In our previous study, we demonstrated that hydroxycamptothecin (HCPT), a natural camptothecin compound found in Camptotheca acuminata, acts as a DNA topoisomerase I inhibitor to suppress cell overproliferation and induce apoptosis of fibroblasts, which remarkably prevents tendon adhesion after tendon injury [6]. However, the DNA synthesis inhibitory effect of HCPT could also lead to concerns about its toxicity to normally functioning mammalian cells [7]. Accordingly, direct clinical application of HCPT could give rise to severe symptoms such as myelosuppression, nausea, and diarrhea [8]. Moreover, its aqueous solubility, stability in blood circulation, and concentration fluctuations should be taken into consideration when directly translating HPCT into clinical application. To take advantage of HCPT in tendon adhesion prevention but avoid its potential safety issues, a novel strategy for HCPT usage is warranted.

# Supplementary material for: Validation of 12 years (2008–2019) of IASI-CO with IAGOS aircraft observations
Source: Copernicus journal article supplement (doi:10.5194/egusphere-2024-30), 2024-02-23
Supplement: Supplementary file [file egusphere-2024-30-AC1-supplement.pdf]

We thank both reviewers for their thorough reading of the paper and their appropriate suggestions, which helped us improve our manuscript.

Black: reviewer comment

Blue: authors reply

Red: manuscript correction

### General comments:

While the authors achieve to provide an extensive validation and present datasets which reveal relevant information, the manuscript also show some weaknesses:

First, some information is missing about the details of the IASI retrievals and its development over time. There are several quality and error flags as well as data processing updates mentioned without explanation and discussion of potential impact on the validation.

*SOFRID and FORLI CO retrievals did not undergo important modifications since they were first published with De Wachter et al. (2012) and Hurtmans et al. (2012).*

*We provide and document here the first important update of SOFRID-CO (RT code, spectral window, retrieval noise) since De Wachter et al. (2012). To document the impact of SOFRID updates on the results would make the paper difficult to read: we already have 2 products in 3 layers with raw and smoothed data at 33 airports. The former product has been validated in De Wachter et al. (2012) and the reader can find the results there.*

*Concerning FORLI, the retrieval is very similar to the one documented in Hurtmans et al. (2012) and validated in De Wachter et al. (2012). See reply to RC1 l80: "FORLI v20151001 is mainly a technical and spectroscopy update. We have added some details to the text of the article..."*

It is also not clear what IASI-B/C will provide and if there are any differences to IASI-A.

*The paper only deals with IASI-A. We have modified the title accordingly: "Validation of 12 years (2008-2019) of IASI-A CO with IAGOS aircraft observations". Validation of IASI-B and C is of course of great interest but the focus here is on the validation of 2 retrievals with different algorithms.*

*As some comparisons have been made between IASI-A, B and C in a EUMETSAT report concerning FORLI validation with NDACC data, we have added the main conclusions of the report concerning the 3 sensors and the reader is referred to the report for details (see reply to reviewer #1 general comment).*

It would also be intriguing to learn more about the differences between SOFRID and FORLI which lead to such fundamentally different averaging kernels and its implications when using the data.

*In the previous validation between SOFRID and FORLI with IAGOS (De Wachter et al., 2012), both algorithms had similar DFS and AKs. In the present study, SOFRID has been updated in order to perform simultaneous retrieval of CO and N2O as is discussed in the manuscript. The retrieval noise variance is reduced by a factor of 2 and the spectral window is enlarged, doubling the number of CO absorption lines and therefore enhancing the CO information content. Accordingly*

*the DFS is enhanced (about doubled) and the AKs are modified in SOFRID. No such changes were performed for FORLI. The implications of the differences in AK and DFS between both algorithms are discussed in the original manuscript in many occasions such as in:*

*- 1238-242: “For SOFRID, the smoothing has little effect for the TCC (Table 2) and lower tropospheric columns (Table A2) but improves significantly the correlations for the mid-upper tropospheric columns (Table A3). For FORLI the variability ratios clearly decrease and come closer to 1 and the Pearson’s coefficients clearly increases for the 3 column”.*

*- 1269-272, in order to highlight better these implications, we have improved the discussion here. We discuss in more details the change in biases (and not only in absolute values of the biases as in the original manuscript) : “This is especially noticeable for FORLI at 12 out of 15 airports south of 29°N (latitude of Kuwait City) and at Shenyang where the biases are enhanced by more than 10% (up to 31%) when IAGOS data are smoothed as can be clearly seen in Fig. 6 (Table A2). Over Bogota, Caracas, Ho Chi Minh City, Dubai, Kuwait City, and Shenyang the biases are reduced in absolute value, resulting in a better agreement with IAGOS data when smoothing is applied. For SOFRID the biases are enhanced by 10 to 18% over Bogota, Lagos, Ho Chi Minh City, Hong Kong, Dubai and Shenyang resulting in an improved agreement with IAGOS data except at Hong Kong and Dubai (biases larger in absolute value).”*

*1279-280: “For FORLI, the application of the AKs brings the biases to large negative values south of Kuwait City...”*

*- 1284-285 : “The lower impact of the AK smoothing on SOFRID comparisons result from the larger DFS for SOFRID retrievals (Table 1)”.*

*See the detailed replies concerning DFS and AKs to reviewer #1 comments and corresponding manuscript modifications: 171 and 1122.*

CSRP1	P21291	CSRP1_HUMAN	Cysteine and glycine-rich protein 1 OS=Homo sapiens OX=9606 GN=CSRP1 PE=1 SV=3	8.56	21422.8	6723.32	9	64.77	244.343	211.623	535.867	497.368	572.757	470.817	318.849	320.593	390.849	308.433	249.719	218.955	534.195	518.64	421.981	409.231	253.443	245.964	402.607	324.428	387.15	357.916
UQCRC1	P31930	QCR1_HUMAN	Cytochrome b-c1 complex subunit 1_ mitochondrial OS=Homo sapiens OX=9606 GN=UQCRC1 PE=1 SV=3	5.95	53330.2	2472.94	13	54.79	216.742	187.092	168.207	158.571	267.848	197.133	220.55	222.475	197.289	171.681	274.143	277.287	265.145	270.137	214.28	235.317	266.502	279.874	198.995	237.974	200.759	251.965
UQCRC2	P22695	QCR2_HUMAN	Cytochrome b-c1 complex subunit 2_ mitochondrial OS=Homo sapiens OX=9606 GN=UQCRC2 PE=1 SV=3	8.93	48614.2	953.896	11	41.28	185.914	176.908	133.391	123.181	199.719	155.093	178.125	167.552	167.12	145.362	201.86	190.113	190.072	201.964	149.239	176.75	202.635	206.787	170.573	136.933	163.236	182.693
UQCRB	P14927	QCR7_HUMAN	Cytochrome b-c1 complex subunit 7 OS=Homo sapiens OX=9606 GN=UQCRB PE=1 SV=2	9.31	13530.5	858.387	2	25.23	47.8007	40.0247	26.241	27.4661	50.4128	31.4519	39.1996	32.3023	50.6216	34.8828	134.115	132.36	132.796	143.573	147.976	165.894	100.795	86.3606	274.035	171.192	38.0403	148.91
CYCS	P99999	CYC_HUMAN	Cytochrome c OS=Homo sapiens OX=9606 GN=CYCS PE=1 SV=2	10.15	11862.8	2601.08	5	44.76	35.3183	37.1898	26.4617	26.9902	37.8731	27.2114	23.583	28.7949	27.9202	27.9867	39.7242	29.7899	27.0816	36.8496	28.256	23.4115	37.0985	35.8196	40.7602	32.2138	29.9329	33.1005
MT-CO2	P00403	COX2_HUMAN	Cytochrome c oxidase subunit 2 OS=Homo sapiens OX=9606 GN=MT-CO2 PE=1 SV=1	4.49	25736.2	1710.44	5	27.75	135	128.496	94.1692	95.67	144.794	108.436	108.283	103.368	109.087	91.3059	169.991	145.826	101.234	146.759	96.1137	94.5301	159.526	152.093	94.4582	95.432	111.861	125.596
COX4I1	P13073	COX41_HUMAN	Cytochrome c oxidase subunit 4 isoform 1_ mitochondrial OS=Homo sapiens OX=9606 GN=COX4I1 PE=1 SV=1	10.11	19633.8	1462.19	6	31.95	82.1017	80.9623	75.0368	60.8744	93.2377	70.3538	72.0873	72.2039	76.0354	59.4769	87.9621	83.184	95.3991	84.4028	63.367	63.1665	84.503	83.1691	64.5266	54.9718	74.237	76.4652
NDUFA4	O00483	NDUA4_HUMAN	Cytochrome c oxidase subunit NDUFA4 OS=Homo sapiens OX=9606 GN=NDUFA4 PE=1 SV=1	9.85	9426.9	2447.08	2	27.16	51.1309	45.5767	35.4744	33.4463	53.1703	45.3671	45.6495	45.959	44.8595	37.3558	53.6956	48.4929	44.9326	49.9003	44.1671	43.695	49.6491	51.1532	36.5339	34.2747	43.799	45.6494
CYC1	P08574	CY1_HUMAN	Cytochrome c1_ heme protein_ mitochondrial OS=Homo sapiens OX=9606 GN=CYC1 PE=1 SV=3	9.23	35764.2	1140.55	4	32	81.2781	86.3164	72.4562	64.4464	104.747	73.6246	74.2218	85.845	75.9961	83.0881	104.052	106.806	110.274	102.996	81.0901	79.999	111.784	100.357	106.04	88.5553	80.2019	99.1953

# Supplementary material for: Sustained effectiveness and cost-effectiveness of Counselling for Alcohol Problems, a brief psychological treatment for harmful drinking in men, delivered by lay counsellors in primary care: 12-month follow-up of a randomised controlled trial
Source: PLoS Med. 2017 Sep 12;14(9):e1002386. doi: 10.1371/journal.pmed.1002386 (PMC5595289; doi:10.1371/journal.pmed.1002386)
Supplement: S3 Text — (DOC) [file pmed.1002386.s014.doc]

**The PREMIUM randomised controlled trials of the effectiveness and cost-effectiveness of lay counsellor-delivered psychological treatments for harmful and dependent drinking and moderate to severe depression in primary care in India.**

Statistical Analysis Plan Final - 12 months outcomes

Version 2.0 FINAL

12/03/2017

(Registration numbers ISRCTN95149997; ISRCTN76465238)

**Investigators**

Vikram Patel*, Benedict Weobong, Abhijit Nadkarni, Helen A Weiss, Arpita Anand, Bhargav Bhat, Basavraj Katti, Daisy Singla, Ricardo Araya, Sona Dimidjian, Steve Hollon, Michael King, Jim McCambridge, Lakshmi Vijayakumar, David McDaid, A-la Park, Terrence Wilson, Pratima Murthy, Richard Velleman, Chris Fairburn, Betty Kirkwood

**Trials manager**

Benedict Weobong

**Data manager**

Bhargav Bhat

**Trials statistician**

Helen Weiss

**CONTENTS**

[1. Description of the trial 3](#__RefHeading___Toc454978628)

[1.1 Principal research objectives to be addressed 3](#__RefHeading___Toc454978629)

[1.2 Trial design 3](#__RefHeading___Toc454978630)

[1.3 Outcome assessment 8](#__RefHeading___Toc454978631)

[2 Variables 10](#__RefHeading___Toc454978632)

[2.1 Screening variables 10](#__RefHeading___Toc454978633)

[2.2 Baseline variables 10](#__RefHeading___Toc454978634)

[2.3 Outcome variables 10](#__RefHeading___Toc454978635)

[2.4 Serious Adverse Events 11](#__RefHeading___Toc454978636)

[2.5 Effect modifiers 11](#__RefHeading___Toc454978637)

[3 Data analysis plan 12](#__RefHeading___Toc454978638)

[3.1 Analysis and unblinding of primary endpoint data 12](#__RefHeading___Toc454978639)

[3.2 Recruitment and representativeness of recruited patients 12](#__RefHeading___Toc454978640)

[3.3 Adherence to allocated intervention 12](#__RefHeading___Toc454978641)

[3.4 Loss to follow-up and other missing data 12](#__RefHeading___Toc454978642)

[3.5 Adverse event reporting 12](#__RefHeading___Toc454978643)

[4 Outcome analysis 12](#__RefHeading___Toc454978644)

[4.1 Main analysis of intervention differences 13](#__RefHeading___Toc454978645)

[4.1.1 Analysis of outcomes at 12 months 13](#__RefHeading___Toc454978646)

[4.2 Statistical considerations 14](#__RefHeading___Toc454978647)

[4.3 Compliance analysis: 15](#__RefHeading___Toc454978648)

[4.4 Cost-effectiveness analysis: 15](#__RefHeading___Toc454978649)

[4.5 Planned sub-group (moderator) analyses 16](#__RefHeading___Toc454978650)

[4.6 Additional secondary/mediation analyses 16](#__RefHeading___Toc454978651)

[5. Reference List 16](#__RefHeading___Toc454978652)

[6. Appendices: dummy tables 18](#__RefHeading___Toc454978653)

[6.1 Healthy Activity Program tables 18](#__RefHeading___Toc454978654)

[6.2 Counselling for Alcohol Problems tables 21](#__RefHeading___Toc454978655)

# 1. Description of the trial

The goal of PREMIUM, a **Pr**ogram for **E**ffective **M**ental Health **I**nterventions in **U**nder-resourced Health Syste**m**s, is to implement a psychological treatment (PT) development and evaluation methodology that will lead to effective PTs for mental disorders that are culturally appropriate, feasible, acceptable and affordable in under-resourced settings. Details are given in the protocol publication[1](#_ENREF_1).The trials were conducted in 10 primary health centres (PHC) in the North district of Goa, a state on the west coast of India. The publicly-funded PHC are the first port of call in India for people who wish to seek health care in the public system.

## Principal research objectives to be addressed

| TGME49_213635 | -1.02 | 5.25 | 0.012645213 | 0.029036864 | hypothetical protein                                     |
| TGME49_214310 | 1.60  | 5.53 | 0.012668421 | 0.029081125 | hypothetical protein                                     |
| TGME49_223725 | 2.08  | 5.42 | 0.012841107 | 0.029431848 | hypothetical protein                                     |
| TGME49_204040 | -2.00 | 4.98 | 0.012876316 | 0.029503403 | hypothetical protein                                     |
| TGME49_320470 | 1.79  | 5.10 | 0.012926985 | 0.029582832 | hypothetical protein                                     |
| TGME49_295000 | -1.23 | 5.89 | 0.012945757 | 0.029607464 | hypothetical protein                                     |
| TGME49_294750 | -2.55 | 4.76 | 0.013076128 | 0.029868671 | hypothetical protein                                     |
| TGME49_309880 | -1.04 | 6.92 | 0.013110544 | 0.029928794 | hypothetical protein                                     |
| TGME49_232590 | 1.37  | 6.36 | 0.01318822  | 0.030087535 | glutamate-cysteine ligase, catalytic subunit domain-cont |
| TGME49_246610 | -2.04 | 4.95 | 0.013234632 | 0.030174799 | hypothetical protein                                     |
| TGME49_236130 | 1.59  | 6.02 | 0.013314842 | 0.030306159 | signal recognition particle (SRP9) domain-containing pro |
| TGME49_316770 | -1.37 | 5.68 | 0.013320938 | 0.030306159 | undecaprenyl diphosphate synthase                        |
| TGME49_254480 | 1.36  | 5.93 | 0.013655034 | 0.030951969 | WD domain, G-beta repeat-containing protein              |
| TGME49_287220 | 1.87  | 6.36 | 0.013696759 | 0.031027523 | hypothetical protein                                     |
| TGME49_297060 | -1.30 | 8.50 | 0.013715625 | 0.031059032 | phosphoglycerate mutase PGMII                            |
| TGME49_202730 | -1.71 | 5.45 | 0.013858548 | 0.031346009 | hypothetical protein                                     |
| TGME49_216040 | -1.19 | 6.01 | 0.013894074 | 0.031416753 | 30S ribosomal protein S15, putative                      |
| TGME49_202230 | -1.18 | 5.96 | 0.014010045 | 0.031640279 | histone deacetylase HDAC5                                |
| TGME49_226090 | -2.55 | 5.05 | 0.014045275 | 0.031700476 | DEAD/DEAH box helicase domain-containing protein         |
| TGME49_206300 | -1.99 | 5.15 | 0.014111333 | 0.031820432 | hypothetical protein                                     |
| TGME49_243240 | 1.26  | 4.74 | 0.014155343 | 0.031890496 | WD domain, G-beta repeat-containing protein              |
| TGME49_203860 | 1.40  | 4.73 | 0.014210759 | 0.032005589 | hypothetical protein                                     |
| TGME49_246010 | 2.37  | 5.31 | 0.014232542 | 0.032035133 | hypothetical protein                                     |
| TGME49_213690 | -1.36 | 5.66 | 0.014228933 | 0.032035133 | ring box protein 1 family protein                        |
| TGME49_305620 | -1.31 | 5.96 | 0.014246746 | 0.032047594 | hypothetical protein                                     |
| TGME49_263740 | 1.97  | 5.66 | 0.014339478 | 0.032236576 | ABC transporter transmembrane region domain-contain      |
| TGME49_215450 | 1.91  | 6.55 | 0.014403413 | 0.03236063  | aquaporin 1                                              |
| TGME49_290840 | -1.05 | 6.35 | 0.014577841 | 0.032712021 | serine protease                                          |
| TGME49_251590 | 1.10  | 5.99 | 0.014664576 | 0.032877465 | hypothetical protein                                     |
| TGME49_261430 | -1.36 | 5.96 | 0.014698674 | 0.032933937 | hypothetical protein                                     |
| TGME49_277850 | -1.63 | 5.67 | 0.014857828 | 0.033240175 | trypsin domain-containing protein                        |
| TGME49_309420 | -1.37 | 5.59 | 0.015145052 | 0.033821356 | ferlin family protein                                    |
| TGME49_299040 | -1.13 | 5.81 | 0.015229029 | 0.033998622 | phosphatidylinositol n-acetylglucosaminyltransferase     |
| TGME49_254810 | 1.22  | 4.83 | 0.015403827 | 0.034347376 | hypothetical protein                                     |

Recent years have witnessed the emergence of extracellular vesicles (EVs) as a desirable therapeutic modality. Satisfactory results were obtained for inflammation resolution and tendon healing by EVs derived from bone marrow mesenchymal stem cells (BMSCs), which showed good prospects for EVs application after tendon injury [9, 10]. These natural nanosized (30–150 nm in diameter) membrane-bound particles have the advantages of high biosafety and good in vivo stability and are thus superior vehicles for effector molecule delivery [11]. As important communicators involved in intercellular interactions, EVs carry biomolecules such as miRNAs and proteins with the ability to modulate relevant signaling events and therefore shape the biological response to diverse stimuli [12]. It has also been established that cargos of EVs can be launched or modified to achieve enhanced function. For example, miR-199a-modified EVs isolated from lentivirus-transfected adipose tissue-derived mesenchymal stem cells (ADSCs) fostered chemosensitivity of hepatocellular carcinoma via mTOR pathway inhibition [13], and mmu_circ_0001359-enriched EVs generated through mmu_circ_0001359 overexpression in ADSCs more effectively ameliorated airway fibrosis by shifting macrophage polarization [14]. Furthermore, specific conditional pretreatment could even endow EVs with cargos exerting integrated effects and synergistically facilitate their particular therapeutic application [15, 16]. Thus, it is reasonable to infer that HCPT pretreatment of producer cells could also bring forth reliable modified EVs, which may be a promising candidate to treat adhesion after tendon injury and circumvent HCPT direct application.